Could I even imagine doing anything else?
Published 6:55 am Friday, August 3, 2018
Many years ago, I thought I had the talent to become an NBA star, even though I knew I never had that much talent. Deep in my heart I knew I wanted to become a physician; a surgeon.
I could not then and shall not now ever consider doing anything else – even in these times when the “public” no longer thinks of us with reverence, or sometimes even with respect.
I tell my patients that the practice of medicine is not a science. Math is a science. One and one are always two. My practice of medicine is an art. It is based on science, but it is mixed in with decades of experience, some skill, and empathy for the people I serve.
I have been lucky enough, and blessed enough to survive four years of college, four years of medical school, a year of internship, three years of surgical residency and two years in a urology fellowship, all to be allowed to practice urology and urological surgery.
The changes in medicine from a surgical standpoint in over three decades have been greater than putting a man on the moon. Every physician must constantly learn new things.
Doctors have seen dramatic changes and almost insurmountable threats in practice including a malpractice crisis, a steady decrease in payment/reimbursement, and the almost complete loss of autonomy.
After more than 30 years of private practice, I worked as an employee at several hospitals until I was fortunate enough to come to Harlan.
Nothing beats a long day in surgery and the satisfaction it brings to really help a patient. Nothing feels better than walking into the surgical waiting room and telling a spouse, a parent, or a family that everything went well.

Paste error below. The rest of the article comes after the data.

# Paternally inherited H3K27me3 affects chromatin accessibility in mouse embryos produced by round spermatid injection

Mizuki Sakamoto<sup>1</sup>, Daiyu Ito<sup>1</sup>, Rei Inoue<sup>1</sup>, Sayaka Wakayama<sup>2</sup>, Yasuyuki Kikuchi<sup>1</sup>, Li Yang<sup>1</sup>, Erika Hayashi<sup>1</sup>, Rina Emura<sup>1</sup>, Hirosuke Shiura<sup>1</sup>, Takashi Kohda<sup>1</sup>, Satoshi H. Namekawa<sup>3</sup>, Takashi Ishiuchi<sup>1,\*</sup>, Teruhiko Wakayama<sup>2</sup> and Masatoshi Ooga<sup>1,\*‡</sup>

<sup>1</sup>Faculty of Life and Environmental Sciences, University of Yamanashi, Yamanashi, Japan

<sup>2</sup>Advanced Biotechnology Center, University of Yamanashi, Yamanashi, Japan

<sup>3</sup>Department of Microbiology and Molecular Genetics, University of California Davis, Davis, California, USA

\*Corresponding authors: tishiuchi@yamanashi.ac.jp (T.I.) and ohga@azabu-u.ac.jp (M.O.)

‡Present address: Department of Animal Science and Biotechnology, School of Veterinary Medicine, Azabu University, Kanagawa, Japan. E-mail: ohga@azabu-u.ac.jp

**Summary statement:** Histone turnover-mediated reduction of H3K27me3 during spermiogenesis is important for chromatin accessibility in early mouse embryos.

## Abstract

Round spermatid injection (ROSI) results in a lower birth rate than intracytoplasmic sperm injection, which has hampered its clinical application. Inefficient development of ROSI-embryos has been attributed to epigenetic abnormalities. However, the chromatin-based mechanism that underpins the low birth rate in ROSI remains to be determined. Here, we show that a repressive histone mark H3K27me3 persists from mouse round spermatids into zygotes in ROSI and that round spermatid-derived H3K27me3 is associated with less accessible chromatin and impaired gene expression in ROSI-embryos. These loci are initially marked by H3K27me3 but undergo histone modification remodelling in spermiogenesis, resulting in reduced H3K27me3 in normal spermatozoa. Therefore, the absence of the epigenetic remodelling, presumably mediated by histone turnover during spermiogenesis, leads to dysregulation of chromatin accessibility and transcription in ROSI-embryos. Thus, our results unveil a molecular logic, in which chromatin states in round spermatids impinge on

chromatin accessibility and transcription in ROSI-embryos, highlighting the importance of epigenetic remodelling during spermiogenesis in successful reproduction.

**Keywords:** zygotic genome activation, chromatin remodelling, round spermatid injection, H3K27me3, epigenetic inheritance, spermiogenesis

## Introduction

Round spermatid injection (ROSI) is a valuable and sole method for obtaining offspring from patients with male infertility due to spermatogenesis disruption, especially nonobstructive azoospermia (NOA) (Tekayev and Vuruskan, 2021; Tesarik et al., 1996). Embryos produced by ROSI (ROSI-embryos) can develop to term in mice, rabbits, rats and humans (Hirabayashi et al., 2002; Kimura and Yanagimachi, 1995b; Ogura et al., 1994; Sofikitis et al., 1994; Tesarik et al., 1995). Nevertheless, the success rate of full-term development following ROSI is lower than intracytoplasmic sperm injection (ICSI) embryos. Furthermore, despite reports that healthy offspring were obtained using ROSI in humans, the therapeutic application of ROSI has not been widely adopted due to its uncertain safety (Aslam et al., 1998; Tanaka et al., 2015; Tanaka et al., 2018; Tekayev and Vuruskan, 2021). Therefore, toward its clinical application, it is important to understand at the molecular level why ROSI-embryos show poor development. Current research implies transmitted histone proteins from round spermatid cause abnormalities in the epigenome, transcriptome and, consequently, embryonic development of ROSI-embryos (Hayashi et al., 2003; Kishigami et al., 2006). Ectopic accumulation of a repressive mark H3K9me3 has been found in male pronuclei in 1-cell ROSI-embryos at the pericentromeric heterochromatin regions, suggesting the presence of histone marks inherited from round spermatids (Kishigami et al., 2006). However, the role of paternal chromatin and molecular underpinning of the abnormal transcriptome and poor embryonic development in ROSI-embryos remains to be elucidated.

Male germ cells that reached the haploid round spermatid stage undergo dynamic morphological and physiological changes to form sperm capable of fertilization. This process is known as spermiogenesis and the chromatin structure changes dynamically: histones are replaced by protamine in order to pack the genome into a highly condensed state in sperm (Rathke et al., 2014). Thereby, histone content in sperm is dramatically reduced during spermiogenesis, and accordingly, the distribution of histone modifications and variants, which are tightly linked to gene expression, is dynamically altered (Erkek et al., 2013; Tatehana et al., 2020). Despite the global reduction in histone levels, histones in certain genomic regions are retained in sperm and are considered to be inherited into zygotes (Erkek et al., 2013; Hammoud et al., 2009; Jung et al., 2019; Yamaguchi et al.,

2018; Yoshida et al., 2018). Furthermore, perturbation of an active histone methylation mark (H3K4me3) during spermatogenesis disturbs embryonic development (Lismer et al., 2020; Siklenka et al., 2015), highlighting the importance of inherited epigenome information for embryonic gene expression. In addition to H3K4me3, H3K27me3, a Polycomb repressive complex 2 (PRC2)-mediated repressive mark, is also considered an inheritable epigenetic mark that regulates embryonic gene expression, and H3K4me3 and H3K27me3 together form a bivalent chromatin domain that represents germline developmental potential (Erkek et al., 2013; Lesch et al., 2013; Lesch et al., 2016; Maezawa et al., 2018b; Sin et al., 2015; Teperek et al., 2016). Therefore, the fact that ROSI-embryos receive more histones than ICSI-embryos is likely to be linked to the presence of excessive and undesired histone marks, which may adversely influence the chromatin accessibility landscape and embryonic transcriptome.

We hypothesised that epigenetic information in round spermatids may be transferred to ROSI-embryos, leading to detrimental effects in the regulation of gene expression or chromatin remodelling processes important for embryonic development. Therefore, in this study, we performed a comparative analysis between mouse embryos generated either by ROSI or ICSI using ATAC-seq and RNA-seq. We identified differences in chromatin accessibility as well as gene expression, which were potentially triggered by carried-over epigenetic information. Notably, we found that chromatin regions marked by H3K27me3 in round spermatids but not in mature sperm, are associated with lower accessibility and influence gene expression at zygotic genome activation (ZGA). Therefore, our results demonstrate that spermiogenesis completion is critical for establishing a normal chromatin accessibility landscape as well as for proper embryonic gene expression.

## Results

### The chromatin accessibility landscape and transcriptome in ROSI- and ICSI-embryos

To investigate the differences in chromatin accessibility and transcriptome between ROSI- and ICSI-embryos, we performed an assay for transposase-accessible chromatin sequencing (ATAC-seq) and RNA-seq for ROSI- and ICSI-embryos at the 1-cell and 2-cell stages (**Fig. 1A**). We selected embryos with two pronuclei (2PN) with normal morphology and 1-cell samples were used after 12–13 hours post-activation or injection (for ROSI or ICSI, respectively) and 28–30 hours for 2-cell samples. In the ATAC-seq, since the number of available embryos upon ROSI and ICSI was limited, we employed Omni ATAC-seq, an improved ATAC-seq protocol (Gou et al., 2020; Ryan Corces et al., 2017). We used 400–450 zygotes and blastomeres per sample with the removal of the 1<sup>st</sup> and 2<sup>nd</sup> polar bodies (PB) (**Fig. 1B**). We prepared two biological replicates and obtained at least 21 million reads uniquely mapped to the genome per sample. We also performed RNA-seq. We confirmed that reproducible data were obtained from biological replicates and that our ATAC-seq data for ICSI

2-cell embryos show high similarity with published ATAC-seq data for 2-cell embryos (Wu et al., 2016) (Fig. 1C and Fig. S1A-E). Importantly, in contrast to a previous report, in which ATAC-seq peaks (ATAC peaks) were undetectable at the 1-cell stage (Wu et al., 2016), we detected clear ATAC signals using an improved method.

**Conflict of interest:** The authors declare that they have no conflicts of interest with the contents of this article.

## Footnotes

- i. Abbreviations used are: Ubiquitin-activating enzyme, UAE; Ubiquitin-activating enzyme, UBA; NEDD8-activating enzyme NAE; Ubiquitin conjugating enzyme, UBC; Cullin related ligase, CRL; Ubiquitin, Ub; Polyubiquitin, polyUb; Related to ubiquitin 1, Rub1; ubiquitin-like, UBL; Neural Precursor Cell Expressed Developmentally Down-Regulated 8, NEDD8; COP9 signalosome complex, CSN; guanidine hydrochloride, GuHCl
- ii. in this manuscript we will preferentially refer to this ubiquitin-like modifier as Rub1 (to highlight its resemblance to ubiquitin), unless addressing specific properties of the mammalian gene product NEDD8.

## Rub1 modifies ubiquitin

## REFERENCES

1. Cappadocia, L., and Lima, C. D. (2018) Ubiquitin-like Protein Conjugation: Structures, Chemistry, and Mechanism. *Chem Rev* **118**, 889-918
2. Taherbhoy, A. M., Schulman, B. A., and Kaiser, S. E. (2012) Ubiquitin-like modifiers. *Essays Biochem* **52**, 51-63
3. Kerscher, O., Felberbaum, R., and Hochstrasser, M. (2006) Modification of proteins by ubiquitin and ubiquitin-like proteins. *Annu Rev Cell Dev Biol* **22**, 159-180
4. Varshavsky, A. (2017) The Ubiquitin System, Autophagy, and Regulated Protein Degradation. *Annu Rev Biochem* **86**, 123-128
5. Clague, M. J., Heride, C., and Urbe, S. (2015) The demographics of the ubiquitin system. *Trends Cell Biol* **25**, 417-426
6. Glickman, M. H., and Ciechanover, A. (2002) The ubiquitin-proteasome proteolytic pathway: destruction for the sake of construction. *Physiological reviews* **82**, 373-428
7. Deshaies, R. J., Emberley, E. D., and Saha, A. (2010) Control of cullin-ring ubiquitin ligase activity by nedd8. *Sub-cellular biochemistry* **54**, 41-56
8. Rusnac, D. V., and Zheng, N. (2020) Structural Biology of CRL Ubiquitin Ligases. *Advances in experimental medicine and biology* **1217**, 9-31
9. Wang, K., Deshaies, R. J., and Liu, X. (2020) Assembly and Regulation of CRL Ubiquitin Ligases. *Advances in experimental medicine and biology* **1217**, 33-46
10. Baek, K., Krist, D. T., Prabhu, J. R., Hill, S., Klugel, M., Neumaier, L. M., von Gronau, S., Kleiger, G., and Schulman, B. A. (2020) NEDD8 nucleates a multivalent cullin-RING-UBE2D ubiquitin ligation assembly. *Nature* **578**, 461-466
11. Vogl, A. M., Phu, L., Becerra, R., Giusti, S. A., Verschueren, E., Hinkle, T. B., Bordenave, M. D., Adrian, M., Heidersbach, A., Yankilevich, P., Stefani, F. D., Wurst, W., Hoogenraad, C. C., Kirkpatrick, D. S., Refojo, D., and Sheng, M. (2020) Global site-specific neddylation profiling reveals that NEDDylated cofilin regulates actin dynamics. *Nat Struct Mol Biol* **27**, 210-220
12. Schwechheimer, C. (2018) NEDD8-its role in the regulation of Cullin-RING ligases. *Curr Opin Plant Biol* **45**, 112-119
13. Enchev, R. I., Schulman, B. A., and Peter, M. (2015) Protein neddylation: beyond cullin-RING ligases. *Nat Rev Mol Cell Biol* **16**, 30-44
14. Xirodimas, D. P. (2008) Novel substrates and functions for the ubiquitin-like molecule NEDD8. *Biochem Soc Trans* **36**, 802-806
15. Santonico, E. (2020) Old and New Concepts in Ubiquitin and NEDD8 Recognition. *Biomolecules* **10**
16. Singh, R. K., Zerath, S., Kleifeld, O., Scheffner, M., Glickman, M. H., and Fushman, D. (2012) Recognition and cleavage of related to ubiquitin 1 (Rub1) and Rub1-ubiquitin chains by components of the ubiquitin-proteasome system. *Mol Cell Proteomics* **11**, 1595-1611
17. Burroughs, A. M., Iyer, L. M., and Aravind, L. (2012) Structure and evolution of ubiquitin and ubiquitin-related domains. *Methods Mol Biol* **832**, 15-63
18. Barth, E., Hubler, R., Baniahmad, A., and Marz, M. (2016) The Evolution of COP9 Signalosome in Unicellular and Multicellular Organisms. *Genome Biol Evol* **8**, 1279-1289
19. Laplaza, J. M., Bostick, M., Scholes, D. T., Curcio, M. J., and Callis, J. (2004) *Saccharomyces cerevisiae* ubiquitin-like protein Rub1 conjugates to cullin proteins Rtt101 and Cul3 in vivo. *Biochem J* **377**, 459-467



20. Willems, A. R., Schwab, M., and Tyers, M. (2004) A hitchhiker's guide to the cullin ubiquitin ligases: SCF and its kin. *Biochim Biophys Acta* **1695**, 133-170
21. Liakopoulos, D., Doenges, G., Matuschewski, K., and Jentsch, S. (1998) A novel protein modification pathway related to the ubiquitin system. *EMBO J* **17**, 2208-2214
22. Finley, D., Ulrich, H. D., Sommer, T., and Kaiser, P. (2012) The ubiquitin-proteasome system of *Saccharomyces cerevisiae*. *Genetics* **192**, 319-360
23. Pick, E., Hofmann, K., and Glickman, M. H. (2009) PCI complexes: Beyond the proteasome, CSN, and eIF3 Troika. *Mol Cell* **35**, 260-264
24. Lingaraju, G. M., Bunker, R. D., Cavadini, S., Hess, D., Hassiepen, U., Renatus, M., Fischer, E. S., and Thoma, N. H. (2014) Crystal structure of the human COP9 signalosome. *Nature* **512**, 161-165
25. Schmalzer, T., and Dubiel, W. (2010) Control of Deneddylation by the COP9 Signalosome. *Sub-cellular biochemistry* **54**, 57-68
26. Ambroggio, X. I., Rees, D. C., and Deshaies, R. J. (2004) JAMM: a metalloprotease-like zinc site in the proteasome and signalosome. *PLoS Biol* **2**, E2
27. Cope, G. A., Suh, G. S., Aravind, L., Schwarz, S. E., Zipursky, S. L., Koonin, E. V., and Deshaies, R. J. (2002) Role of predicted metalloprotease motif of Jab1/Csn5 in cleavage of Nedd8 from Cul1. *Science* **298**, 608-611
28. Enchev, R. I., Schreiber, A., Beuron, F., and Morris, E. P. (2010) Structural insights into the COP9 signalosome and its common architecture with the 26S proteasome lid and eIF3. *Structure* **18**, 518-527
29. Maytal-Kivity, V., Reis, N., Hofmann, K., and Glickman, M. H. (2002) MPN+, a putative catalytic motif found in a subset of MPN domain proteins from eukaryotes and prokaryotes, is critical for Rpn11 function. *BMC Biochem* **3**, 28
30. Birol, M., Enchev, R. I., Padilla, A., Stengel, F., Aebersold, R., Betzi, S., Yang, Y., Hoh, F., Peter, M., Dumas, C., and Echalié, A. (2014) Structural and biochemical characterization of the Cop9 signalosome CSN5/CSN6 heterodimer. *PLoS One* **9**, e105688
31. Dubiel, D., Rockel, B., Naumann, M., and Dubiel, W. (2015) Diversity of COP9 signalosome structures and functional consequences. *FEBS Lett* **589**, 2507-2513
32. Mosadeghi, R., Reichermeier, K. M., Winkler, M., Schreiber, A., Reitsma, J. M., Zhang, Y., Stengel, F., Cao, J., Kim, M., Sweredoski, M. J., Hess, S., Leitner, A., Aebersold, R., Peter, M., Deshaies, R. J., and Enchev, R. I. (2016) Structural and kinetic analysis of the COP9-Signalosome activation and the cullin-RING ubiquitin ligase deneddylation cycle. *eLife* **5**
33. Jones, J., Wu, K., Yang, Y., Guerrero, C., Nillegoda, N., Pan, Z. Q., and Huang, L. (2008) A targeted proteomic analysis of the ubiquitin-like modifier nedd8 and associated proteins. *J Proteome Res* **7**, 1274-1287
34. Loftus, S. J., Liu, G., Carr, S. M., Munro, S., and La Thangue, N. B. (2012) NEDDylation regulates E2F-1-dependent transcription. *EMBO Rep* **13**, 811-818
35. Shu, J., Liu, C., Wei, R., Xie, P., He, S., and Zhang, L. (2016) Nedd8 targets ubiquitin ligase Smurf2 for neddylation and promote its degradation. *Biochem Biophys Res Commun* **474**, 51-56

The relief in their eyes is truly rewarding. For me, it beats hitting a three-pointer at the buzzer to win an NCAA championship.
And this goes on day after day, week after week, month after month. Every day brings a new adventure, a new anxiety, new drama and new joy. There is nothing like it. As Larry Kaiser said (and I am guilty here of paraphrasing an article he wrote in 2004) the great days far outweigh the bad.
As a sophomore at Temple University, I was approached by an elderly, raggedy-dressed man. He had no way of knowing that I was pre-med. I was wearing my Temple U basketball warmup jacket. He said, “You will become a great surgeon and save the world.” Then he shook my hand and walked away.
I was stunned. I truly believe that this was my fate being given to me. Unfortunately, I now know that I am not as intelligent as the scientists, inventors and physicists who can truly “do magic.”
But I have landed in Harlan – three years and two months ago – and I think I make a difference in helping thousands of patients. I try to treat everyone with humor, empathy, compassion and skill. I shall continue to serve you great people of Harlan and I thank all of you who trust me.
The good news is the answer to the question I posed at the start. I could not and would not ever consider doing anything else.
I would be remiss if I did not express my many heartfelt thanks also to Donnie Fields, my CEO, who, when hiring me said, “God opened the heavens and dropped Dr. Kilstein down.” Also I give many thanks to Joe Grossman, his CEO, who continues to allow me to serve you to the best of my abilities.
And, before I go, I will say “Go Big Blue” because this could be the year!
Seymour Kilstein, DO, is a urologist at the ARH Daniel Boone Clinic.